5.  With respect to copyright infringement, the Fonovisa court discusses department-store cases, dance-hall cases, and landlord-tenant cases.  For each type of secondary liability (vicarious and contributory), which type of case most resembles the "flea market" in Fonovisa, and why?  Can you make fact-specific analogies and distinctions in each case?

Do you agree with the court that the defendant in Fonovisa was vicariously liable for the direct infringer's sale of counterfeit records from its booth?  Was the defendant's financial benefit from those sales "direct"?  Was it direct enough to justify vicarious liability?

6.  Consider the secondary liability of Internet service providers for copyright infringement.  Suppose, for example, that an Internet service provider is sued for hosting a Website on which a subscriber posts infringing images taken from magazines and television programs.  Based on the Fonovisa case, which theory of secondary liability—vicarious or contributory—is most favorable to the Internet service provider, and why?  to the copyright infringement plaintiff?

7.  Now consider secondary liability for trademark infringement, under the standard enunciated in Fonovisa.  Should an Internet service provider be liable under that standard for hosting a Website on which a subscriber makes infringing use of a third party's trademarks?  Suppose, for example, that a person who makes clones of IBM personal computers in her garage offers them for sale on the well-known auction site eBay using IBM's trademark and logo.  Should eBay be liable for contributory trademark infringement, and, is so, under what circumstances?  Does the standard in Fonovisa provide a definitive answer to this question?  Does an analogy to or distiction from the facts of Fonovisa?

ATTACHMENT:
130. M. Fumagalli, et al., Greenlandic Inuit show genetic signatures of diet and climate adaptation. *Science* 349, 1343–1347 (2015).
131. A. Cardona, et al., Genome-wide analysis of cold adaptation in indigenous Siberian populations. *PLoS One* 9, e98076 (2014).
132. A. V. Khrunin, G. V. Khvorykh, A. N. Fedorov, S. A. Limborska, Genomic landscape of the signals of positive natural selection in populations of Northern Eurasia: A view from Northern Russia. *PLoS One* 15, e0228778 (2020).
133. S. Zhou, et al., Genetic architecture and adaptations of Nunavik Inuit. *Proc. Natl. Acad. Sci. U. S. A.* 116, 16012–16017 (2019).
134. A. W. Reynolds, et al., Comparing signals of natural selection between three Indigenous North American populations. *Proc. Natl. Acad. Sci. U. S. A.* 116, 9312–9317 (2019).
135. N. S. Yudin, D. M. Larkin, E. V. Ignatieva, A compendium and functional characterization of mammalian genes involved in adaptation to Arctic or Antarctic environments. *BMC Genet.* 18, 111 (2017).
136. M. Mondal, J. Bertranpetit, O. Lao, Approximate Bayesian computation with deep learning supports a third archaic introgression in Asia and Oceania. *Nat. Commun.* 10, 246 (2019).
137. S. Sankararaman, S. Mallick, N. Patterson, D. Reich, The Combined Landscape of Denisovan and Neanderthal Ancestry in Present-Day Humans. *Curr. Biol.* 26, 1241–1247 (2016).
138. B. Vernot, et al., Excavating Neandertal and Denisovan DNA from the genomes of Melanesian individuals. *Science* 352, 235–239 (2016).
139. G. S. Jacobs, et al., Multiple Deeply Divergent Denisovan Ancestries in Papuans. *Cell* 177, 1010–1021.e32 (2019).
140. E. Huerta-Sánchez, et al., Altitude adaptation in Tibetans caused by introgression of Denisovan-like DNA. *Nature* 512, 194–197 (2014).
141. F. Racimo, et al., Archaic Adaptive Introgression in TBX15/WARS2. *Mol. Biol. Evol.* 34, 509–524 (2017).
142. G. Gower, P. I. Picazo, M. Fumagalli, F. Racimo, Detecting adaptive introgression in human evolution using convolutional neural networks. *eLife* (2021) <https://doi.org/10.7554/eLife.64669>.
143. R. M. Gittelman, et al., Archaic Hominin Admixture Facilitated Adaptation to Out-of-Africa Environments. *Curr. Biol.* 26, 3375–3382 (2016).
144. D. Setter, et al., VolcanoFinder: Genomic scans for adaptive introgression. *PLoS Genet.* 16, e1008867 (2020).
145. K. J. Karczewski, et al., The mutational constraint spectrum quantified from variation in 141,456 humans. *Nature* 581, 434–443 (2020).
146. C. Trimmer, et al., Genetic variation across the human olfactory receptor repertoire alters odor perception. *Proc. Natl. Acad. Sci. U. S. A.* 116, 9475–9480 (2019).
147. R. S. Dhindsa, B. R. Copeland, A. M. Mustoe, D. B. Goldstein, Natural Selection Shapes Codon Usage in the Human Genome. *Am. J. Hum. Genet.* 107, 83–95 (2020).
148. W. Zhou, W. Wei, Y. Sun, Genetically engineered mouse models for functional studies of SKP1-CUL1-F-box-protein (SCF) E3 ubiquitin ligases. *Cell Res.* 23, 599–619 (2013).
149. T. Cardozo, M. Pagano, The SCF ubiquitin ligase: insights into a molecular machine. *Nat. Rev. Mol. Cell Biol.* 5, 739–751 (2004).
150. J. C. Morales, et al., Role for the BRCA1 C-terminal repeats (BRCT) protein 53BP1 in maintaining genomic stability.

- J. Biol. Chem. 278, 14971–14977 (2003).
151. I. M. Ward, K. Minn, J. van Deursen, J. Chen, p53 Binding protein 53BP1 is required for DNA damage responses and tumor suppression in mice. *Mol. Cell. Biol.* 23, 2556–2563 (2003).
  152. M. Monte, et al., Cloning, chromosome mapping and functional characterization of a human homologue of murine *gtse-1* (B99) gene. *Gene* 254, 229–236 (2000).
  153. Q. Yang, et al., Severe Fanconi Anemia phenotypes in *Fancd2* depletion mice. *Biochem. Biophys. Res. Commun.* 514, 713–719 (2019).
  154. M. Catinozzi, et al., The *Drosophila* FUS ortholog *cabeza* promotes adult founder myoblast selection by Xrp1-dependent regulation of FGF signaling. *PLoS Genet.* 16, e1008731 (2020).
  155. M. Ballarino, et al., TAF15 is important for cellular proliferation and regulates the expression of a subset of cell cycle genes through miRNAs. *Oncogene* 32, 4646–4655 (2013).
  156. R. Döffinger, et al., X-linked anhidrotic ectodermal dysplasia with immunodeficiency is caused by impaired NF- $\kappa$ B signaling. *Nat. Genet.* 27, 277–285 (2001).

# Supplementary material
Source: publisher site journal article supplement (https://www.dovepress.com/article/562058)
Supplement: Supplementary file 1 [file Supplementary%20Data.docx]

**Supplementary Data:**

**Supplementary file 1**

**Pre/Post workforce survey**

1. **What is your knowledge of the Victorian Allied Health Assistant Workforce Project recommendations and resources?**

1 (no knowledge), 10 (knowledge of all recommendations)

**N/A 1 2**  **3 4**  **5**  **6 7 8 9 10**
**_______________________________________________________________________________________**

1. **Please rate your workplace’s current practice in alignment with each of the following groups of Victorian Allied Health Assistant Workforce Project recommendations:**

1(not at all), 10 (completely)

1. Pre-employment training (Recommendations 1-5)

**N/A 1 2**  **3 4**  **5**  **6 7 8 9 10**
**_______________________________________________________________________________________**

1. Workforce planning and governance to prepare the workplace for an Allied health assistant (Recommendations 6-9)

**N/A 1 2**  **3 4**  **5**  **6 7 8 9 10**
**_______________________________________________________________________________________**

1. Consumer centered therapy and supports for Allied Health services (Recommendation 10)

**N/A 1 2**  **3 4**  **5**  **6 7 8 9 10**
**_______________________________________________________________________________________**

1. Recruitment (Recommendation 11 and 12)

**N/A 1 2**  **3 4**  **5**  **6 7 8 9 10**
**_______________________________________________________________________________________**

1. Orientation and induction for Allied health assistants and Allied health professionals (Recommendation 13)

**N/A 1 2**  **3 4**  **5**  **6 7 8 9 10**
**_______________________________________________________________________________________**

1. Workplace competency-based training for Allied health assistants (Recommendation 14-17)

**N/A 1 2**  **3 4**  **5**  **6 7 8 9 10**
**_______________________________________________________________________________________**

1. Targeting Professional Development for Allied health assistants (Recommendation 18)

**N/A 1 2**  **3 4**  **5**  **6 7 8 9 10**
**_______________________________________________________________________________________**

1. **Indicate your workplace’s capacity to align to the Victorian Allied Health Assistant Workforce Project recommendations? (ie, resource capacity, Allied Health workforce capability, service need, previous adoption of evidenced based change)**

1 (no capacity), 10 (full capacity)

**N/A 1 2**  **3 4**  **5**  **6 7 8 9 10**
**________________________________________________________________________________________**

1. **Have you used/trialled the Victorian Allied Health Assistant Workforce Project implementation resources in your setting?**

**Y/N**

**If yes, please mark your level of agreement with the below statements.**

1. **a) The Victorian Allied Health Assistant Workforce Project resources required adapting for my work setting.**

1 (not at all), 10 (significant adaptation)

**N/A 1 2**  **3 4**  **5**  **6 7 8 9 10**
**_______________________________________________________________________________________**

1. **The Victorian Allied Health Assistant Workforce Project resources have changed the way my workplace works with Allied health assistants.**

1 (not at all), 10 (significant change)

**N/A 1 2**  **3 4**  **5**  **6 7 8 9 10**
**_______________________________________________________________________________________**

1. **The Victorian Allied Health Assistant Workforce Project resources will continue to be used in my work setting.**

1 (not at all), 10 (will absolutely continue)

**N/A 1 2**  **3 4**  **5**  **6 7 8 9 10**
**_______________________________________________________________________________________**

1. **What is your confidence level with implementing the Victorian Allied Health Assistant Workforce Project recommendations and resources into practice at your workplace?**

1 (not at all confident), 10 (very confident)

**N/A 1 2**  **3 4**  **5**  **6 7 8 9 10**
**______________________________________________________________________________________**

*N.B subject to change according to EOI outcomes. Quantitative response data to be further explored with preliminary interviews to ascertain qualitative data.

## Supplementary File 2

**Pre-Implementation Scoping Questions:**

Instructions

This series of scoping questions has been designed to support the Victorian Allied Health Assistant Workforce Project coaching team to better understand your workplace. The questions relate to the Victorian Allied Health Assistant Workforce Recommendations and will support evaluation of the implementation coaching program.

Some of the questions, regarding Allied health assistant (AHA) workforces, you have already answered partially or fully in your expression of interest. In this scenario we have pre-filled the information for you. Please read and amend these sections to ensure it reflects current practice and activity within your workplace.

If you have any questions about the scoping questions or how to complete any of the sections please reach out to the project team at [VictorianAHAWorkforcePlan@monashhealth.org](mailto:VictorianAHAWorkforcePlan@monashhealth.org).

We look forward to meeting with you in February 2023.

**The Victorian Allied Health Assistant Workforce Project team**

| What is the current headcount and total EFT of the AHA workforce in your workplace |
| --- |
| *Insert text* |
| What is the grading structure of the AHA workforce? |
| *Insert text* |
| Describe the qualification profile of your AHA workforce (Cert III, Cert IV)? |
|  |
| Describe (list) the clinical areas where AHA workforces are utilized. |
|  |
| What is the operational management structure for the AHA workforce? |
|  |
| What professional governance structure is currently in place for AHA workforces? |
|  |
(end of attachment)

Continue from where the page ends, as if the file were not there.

8.  The plaintiff copyright owners in Sony did not sue any consumers for copying television programs.  Instead, they sued only Sony, the maker of the copying equipment.  See 464 U.S. at 420.  Can you think of any reasons why this was so?

Now consider the situations described in Notes 6 and 7.  Can you think of any reason(s) why the copyright owners or IBM might sue the Internet service providerr instead of the direct infringer(s)?   legal reasons?   practical reasons?  Does your analysis suggest that doctrines of secondary liability are likely to be generally important in cases involving the Internet and the World Wide Web?